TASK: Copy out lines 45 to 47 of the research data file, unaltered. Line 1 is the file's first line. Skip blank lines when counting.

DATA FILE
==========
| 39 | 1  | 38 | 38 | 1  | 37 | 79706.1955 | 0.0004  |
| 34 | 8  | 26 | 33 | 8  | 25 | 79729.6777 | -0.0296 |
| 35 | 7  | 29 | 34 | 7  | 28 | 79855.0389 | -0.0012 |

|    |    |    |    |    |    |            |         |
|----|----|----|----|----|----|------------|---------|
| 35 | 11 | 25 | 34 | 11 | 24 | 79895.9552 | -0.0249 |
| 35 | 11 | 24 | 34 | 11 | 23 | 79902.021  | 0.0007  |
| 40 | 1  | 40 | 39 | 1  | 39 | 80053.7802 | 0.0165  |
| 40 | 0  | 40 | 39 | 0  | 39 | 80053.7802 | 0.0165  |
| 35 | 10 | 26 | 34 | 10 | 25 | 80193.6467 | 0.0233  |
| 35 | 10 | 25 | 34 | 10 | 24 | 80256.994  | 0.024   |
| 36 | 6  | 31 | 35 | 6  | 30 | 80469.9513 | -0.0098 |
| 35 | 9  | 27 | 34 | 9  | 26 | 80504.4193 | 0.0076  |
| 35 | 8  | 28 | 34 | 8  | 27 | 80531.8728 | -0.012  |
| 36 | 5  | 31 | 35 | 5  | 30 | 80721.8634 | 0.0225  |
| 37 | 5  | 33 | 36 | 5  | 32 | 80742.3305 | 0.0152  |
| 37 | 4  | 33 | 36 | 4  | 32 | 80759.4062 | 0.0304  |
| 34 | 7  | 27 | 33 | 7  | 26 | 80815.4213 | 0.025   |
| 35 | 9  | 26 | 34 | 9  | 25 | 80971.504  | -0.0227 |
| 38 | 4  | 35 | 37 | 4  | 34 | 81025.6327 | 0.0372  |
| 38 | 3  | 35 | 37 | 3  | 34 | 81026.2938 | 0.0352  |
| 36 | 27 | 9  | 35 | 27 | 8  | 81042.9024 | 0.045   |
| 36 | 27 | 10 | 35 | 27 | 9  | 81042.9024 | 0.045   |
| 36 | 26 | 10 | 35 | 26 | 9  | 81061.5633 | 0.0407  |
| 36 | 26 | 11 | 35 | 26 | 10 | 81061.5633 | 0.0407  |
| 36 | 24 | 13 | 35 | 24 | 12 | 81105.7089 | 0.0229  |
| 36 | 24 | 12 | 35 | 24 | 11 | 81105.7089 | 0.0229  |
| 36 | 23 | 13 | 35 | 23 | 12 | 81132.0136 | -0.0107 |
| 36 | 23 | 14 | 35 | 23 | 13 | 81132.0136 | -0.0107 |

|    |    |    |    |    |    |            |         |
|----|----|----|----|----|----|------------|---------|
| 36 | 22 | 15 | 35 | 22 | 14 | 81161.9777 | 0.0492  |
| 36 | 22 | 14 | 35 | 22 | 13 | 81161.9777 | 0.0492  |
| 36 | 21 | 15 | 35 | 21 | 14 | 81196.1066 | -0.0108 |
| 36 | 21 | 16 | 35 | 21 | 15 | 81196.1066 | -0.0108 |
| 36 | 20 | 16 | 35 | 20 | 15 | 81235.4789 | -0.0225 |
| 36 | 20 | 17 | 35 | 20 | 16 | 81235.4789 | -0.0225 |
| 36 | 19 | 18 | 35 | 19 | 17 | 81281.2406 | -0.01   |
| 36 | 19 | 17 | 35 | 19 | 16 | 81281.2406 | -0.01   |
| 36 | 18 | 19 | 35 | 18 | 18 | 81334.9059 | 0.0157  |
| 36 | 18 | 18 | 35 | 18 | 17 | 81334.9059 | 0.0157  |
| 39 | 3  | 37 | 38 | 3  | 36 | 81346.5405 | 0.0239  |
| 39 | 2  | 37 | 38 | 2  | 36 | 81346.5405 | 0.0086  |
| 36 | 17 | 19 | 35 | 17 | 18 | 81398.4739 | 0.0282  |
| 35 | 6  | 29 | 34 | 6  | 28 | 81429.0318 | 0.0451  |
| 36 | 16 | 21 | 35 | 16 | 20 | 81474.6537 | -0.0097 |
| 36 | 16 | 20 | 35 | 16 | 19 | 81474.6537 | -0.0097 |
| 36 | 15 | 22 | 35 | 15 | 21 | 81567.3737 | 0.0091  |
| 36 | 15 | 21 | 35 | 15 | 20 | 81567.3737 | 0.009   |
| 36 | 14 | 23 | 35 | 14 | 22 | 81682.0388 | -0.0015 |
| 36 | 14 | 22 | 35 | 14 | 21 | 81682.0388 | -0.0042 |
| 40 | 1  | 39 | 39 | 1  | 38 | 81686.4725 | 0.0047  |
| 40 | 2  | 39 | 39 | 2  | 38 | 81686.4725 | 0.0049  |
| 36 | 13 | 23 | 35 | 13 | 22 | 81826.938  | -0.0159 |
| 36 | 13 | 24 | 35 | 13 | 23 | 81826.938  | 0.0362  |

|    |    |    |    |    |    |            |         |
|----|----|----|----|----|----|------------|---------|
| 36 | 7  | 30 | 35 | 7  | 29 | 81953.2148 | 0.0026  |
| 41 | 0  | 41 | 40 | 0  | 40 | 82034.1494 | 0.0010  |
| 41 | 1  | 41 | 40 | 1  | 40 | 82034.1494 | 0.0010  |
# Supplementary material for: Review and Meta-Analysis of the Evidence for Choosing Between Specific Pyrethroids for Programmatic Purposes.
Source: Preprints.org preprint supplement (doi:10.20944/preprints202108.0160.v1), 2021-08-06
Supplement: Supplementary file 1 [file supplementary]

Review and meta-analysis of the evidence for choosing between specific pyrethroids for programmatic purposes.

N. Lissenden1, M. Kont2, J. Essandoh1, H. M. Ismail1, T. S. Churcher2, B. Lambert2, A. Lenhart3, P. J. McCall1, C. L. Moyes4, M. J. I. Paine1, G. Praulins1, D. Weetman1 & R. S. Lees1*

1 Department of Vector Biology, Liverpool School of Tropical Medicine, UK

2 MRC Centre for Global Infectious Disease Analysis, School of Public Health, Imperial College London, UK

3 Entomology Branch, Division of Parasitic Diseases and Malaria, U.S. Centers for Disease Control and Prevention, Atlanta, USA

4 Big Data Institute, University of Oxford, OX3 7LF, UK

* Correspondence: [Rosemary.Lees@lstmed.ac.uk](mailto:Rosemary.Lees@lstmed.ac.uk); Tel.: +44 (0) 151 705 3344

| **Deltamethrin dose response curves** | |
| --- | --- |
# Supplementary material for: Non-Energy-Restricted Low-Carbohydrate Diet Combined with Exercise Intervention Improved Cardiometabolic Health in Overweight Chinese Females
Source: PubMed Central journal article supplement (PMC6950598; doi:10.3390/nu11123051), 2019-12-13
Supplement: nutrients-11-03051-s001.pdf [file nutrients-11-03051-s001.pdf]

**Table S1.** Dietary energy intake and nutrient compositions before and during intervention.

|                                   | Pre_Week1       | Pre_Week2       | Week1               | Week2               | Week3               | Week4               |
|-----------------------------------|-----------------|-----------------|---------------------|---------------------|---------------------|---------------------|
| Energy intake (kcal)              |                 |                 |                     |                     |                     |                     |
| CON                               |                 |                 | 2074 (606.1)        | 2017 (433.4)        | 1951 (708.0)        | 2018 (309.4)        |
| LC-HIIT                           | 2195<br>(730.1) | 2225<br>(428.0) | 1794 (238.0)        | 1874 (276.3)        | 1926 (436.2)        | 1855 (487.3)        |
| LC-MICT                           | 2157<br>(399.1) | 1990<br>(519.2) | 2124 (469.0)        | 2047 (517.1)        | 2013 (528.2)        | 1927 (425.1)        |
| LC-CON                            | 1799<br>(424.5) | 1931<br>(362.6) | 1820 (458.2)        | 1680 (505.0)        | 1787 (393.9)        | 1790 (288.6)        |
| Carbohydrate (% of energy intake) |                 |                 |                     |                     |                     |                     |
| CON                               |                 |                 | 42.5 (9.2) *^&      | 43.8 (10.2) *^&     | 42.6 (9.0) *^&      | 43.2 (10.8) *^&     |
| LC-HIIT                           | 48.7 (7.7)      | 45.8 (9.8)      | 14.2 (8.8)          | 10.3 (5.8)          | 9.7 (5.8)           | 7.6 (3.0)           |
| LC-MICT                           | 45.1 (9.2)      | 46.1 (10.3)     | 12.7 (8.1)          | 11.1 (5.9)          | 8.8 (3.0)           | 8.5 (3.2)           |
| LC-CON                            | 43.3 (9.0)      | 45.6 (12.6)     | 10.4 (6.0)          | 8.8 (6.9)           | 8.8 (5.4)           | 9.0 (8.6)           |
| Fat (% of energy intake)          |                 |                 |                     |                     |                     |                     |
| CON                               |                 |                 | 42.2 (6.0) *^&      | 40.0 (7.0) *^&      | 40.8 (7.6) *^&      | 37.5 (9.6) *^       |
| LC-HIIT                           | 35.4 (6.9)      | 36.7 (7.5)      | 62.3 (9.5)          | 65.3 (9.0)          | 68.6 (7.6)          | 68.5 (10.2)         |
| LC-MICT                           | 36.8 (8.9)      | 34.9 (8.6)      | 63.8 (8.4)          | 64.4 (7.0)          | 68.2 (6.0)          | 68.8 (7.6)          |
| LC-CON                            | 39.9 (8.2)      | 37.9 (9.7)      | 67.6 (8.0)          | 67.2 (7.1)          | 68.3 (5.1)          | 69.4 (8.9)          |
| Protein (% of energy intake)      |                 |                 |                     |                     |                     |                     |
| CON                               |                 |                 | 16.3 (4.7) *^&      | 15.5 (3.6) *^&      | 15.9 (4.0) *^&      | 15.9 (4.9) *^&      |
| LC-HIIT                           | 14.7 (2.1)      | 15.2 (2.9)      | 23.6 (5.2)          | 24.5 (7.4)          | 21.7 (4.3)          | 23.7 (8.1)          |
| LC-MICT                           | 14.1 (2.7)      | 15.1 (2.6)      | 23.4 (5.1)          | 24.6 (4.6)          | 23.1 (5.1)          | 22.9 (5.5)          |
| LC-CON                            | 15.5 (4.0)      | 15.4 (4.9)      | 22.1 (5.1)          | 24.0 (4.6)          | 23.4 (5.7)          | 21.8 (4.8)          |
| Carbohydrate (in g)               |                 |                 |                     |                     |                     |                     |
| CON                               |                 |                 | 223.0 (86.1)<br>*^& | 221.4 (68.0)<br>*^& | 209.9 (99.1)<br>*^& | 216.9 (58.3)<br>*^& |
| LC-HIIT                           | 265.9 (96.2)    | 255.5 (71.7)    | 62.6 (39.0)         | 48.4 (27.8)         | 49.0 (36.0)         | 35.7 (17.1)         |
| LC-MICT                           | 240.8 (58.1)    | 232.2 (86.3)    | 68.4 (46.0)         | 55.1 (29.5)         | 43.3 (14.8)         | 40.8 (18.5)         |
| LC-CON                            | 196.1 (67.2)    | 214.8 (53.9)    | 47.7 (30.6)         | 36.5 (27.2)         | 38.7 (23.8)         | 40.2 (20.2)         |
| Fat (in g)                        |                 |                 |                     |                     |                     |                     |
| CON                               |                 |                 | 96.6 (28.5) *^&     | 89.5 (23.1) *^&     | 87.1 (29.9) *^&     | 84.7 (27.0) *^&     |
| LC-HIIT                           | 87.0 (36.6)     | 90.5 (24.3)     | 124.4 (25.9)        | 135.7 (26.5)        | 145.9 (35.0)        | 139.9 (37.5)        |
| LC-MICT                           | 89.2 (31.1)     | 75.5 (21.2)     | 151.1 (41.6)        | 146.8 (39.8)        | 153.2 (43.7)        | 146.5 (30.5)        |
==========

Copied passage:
| 35 | 6  | 29 | 34 | 6  | 28 | 81429.0318 | 0.0451  |
| 36 | 16 | 21 | 35 | 16 | 20 | 81474.6537 | -0.0097 |
| 36 | 16 | 20 | 35 | 16 | 19 | 81474.6537 | -0.0097 |